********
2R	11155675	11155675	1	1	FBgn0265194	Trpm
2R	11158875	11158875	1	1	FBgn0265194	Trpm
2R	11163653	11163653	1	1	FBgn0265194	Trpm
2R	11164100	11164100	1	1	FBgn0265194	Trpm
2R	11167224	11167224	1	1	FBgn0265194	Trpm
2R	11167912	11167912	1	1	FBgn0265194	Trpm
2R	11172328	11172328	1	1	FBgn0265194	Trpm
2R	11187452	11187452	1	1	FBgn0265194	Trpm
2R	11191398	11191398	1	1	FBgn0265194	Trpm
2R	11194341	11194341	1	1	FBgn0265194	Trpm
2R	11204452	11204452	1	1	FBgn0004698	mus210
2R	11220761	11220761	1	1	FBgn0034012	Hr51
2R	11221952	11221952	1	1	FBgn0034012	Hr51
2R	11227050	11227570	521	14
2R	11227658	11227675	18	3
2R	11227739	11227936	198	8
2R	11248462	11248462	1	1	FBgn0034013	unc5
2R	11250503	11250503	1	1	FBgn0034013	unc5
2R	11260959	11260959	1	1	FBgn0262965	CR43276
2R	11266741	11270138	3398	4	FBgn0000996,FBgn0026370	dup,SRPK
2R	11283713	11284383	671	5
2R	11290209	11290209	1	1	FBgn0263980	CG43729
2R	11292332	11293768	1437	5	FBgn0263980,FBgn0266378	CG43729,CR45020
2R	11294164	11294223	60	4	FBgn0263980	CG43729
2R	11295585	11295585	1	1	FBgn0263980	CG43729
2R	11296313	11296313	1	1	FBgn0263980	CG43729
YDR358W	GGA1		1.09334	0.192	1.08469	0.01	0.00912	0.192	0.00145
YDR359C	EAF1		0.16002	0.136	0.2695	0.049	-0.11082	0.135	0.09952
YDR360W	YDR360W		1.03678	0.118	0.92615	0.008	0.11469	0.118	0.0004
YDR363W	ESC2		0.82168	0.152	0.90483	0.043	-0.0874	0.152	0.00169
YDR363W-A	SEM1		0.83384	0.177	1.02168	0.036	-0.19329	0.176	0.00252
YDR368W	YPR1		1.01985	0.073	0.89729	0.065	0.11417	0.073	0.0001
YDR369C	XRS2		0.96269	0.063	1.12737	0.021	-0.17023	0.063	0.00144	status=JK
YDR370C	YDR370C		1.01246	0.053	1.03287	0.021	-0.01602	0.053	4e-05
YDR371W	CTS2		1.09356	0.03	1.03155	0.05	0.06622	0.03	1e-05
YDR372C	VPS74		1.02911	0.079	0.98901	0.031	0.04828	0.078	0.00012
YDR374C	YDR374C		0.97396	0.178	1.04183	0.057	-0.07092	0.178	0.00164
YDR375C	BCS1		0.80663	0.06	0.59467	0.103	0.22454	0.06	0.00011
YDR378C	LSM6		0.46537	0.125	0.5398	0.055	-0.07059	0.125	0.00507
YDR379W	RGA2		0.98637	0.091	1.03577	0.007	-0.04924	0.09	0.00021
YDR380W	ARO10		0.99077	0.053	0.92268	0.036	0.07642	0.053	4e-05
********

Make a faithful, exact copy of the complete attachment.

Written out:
2R	11155675	11155675	1	1	FBgn0265194	Trpm
2R	11158875	11158875	1	1	FBgn0265194	Trpm
2R	11163653	11163653	1	1	FBgn0265194	Trpm
2R	11164100	11164100	1	1	FBgn0265194	Trpm
2R	11167224	11167224	1	1	FBgn0265194	Trpm
2R	11167912	11167912	1	1	FBgn0265194	Trpm
2R	11172328	11172328	1	1	FBgn0265194	Trpm
2R	11187452	11187452	1	1	FBgn0265194	Trpm
2R	11191398	11191398	1	1	FBgn0265194	Trpm
2R	11194341	11194341	1	1	FBgn0265194	Trpm
2R	11204452	11204452	1	1	FBgn0004698	mus210
2R	11220761	11220761	1	1	FBgn0034012	Hr51
2R	11221952	11221952	1	1	FBgn0034012	Hr51
2R	11227050	11227570	521	14
2R	11227658	11227675	18	3
2R	11227739	11227936	198	8
2R	11248462	11248462	1	1	FBgn0034013	unc5
2R	11250503	11250503	1	1	FBgn0034013	unc5
2R	11260959	11260959	1	1	FBgn0262965	CR43276
2R	11266741	11270138	3398	4	FBgn0000996,FBgn0026370	dup,SRPK
2R	11283713	11284383	671	5
2R	11290209	11290209	1	1	FBgn0263980	CG43729
2R	11292332	11293768	1437	5	FBgn0263980,FBgn0266378	CG43729,CR45020
2R	11294164	11294223	60	4	FBgn0263980	CG43729
2R	11295585	11295585	1	1	FBgn0263980	CG43729
2R	11296313	11296313	1	1	FBgn0263980	CG43729
YDR358W	GGA1		1.09334	0.192	1.08469	0.01	0.00912	0.192	0.00145
YDR359C	EAF1		0.16002	0.136	0.2695	0.049	-0.11082	0.135	0.09952
YDR360W	YDR360W		1.03678	0.118	0.92615	0.008	0.11469	0.118	0.0004
YDR363W	ESC2		0.82168	0.152	0.90483	0.043	-0.0874	0.152	0.00169
YDR363W-A	SEM1		0.83384	0.177	1.02168	0.036	-0.19329	0.176	0.00252
YDR368W	YPR1		1.01985	0.073	0.89729	0.065	0.11417	0.073	0.0001
YDR369C	XRS2		0.96269	0.063	1.12737	0.021	-0.17023	0.063	0.00144	status=JK
YDR370C	YDR370C		1.01246	0.053	1.03287	0.021	-0.01602	0.053	4e-05
YDR371W	CTS2		1.09356	0.03	1.03155	0.05	0.06622	0.03	1e-05
YDR372C	VPS74		1.02911	0.079	0.98901	0.031	0.04828	0.078	0.00012
YDR374C	YDR374C		0.97396	0.178	1.04183	0.057	-0.07092	0.178	0.00164
YDR375C	BCS1		0.80663	0.06	0.59467	0.103	0.22454	0.06	0.00011
YDR378C	LSM6		0.46537	0.125	0.5398	0.055	-0.07059	0.125	0.00507
YDR379W	RGA2		0.98637	0.091	1.03577	0.007	-0.04924	0.09	0.00021
YDR380W	ARO10		0.99077	0.053	0.92268	0.036	0.07642	0.053	4e-05